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# Predicting Goaltending Performance

You can't predict randomness.

In "Quantifying the added importance of recent data", Eric T. starts with the statement "It almost certainly has to be true that the recent results matter more than the older ones, but how much more? If you're trying to guess how a goalie will do this year, is last year's performance 10 percent more important than the year before that, twice as important, or ten times as important?"

This is a completely unjustified assumption. It would make more sense to first ask if prior performance has any significant relationship to current results.

Let's see whether there is any correlation between different years. For each year, I'm looking at only the goalies who have a 4 year track record leading up to the year of analysis. So for 2003, Year-1 is 2002, Year-2 is 2001, Year-3 is 2000 and Year-4 is 1999. To be included in the analysis, a goalie also had to play in all 5 seasons. Also, I'm just skipping over the lost season of 2004. So for 2005, Year-1 is 2003. Everything in these tables are the correlation coefficients. If you are bothered by 2004, the years 2001-2003 and 2009-2012 are unaffected.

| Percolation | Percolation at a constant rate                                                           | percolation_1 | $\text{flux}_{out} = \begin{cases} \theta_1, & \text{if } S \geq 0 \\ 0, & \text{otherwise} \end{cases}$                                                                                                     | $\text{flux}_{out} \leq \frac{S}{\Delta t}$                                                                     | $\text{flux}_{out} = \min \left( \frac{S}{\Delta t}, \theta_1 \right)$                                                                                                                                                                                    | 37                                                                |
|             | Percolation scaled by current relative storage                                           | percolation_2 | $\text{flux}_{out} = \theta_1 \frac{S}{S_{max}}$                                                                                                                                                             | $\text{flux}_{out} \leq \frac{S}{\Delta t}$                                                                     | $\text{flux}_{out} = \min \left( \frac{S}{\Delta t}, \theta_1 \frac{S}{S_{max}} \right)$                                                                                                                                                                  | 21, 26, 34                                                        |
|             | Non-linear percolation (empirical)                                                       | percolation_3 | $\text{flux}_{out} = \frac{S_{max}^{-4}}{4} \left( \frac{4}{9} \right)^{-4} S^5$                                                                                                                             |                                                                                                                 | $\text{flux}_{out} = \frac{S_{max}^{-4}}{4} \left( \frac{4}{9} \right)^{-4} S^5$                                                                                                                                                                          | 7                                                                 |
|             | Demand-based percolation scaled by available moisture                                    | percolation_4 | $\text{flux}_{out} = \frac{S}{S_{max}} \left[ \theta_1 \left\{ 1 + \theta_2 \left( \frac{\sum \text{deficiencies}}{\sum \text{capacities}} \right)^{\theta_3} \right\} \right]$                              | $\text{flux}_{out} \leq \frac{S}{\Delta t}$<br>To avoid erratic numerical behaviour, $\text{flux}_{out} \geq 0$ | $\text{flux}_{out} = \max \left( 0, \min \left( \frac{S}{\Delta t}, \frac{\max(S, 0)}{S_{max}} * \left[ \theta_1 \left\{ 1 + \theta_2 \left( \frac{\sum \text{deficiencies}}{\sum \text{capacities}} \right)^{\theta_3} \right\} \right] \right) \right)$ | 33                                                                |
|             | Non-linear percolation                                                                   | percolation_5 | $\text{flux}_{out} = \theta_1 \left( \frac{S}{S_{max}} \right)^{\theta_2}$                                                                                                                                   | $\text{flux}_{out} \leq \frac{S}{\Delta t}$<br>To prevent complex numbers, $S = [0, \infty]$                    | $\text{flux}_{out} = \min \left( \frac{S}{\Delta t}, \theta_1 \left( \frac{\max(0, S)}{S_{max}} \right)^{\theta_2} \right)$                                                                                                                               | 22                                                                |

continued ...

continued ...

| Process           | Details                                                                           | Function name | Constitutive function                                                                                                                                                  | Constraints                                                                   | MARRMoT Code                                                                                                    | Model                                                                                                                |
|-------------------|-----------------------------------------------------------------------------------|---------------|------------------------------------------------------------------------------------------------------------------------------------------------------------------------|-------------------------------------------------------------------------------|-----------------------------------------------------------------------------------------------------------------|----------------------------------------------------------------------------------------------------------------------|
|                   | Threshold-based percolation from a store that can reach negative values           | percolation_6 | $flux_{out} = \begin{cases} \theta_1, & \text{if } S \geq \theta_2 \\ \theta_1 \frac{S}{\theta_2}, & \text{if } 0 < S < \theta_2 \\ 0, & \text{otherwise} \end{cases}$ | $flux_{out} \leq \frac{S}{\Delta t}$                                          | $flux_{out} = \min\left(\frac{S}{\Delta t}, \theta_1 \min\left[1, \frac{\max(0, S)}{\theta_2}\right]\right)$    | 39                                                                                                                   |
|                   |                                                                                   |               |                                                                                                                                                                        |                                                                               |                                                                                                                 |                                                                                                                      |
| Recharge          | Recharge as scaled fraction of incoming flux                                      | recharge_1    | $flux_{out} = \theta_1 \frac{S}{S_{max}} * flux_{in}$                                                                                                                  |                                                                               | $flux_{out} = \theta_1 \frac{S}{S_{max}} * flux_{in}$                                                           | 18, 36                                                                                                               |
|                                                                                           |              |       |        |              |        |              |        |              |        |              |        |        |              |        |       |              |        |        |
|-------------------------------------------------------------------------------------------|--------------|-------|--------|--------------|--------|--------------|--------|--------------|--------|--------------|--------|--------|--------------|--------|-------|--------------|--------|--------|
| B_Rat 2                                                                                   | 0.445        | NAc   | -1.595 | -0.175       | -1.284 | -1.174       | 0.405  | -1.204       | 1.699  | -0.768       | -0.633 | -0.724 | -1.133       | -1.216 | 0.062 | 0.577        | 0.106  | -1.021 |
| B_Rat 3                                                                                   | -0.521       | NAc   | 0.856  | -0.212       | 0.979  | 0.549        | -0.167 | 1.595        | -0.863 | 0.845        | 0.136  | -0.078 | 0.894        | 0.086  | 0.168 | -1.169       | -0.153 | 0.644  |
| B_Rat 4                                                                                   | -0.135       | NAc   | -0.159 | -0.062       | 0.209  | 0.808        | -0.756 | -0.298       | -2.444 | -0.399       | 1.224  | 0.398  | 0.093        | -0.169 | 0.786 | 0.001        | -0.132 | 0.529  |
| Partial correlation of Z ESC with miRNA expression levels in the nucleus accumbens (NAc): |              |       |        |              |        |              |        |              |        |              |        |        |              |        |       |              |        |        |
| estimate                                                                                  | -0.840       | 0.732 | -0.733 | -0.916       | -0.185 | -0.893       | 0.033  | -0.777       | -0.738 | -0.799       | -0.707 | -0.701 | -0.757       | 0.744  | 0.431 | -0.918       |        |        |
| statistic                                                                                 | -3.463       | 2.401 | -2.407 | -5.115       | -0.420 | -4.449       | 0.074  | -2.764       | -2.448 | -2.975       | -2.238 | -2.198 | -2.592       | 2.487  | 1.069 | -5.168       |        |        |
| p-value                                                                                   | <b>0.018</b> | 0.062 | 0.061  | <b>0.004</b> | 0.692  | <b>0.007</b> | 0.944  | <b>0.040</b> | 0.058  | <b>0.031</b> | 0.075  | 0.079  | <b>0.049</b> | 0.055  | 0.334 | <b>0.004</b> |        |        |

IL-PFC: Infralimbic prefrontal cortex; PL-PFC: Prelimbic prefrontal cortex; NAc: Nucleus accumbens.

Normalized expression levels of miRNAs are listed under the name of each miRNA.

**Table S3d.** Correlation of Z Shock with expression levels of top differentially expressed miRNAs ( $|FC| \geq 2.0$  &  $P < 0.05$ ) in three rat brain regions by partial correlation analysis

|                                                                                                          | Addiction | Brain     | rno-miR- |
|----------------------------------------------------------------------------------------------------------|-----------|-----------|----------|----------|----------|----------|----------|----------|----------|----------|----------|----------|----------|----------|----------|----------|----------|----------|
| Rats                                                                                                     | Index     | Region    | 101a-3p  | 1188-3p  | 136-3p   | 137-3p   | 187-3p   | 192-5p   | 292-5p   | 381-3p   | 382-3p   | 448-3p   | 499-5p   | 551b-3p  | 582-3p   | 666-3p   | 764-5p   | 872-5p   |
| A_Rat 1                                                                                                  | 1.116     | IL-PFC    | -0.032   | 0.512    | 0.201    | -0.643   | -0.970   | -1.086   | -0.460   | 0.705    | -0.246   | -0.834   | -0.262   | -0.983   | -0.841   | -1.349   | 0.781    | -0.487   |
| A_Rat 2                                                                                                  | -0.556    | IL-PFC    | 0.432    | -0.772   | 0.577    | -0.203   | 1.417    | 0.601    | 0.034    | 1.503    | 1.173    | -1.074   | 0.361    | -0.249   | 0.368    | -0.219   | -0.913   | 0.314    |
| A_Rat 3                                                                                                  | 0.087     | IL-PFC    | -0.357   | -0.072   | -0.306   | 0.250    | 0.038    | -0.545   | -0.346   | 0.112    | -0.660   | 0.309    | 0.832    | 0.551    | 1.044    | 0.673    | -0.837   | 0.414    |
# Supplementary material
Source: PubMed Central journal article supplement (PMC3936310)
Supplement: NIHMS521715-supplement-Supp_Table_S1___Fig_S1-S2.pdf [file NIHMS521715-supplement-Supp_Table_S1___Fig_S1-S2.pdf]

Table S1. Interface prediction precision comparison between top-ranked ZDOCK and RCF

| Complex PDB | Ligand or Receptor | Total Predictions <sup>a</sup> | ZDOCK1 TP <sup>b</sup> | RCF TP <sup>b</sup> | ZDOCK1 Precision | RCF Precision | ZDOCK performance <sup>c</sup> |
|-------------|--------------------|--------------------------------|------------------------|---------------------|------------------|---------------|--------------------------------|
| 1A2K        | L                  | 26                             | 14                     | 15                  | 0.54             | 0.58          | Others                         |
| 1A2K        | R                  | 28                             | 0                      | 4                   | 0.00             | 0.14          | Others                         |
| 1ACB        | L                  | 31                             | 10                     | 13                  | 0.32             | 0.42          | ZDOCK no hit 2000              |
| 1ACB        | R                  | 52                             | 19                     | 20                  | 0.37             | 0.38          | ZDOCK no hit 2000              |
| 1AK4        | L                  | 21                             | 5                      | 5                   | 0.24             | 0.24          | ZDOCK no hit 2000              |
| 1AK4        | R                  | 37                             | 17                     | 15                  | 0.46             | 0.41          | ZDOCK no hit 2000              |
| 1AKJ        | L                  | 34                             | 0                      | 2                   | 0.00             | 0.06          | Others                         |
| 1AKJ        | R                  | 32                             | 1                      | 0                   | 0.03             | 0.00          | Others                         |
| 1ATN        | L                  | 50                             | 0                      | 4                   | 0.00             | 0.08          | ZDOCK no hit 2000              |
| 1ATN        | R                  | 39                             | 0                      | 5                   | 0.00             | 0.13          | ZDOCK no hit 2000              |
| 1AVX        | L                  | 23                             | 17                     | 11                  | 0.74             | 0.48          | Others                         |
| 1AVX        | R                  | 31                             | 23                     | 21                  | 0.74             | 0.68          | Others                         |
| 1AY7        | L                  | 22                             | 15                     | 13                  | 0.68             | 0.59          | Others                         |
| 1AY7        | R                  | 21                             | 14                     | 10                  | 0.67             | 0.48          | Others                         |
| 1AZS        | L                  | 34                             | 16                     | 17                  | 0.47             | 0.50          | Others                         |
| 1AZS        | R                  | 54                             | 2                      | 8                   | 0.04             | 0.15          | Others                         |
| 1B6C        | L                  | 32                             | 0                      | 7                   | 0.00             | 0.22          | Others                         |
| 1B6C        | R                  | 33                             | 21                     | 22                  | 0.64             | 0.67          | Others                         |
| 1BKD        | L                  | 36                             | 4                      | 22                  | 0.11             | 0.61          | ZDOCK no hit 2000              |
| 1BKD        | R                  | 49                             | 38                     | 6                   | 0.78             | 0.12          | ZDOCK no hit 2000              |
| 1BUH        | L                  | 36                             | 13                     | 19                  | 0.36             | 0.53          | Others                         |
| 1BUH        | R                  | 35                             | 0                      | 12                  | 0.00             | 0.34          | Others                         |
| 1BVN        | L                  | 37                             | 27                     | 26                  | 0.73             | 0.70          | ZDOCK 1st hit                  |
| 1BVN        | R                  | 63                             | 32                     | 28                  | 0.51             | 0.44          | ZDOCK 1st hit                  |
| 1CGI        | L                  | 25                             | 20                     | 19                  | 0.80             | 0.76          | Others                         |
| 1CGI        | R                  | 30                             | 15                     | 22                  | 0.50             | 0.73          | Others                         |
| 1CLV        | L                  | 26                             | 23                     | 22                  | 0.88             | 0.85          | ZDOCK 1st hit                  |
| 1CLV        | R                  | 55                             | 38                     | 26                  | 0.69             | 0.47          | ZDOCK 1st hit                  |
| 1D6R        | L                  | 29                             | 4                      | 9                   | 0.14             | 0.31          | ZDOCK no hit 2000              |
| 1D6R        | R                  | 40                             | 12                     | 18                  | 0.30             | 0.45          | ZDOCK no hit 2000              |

Year Year-1 Year-2 Year-3 Year-4 2001 0.2715 0.2236 -0.0209 -0.1878 2002 0.3376 0.1083 0.2405 -0.0515 2003 0.4379 0.1310 0.2037 0.4460 2005 0.3814 0.0427 0.0813 0.1523 2006 0.1918 0.0818 -0.0049 0.0400 2007 0.2496 0.1637 -0.0540 -0.1452 2008 0.3063 0.0975 0.0455 0.0373 2009 0.5158 -0.0114 0.1230 0.0230 2010 0.1702 0.4042 0.2027 -0.0708 2011 0.1741 0.1957 0.1336 0.1592 2012 0.4895 0.4167 0.3788 0.1765 Average 0.3205 0.1685 0.1208 0.0526

So Year-1 is a little better than the rest. Not much predictive power on average. Years -2, -3, and -4 are just about useless. I would also point out that 2012 has a strange pattern. It correlates with Years -2, -3, and -4 at a degree much higher than average.

A correlation of 0.32 may sound impressive but there really is not much relationship there. In any given year, the number of goalies is small enough that 0.32 is not quite statistically significant. Even if it were, it means that one variable explains only about 10% of the variability in the the other variable.